By Bhargav Mansatta
Article 3 of the WTO SCM Agreement provides for two types of subsidies which are considered as prohibited subsidies, namely (i) export contingent and (ii) import substitution. A member-country is not allowed to grant or maintain these types of subsidies. Article 3 provides as below:
3.1 Except as provided in the Agreement on Agriculture, the following subsidies, within the meaning of Article 1, shall be prohibited:
(a) subsidies contingent, in law or in fact (see end note 1), whether solely or as one of several other conditions, upon export performance, including those illustrated in Annex I (see end note 2);
(b) subsidies contingent, whether solely or as one of several other conditions, upon the use of domestic over imported goods.
3.2 A Member shall neither grant nor maintain subsidies referred to in paragraph 1.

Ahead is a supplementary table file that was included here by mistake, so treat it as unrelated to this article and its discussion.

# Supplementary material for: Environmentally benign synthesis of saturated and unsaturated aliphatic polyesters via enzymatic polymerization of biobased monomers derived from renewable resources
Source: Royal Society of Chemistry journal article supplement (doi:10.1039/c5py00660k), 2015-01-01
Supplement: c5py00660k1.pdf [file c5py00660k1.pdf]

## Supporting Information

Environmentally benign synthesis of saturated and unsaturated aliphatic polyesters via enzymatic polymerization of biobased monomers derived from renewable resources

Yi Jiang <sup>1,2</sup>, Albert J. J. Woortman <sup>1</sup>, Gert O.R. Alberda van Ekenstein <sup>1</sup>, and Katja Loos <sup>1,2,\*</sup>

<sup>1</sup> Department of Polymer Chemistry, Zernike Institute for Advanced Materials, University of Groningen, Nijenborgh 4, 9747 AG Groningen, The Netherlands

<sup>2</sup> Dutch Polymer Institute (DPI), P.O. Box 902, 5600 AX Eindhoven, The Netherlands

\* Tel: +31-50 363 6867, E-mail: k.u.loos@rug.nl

However, under Article 27 of the SCM Agreement which provides for ‘special and differential treatment’ towards developing countries, prohibition on export contingent subsidies shall not apply to developing country members referred to in Annex VII [Article 27.2(a)] and other developing country members for a period of eight years from the date of entry into force of the WTO Agreement [Article 27.2(b)]. Article 27.2 provides as below:
27.2 The prohibition of paragraph 1(a) of Article 3 shall not apply to:
(a) developing country Members referred to in Annex VII.
(b) other developing country Members for a period of eight years from the date of entry into force of the WTO Agreement, subject to compliance with the provisions in paragraph 4.
Annex VII exempts India from the prohibition under Article 3.1(a) of the Agreement. However, it conditions the exemption with the clause that when GNP per capita reaches $1000 per annum, then the country will be subject to provisions of paragraph 27.2(b). Annex VII in relevant part provides as below: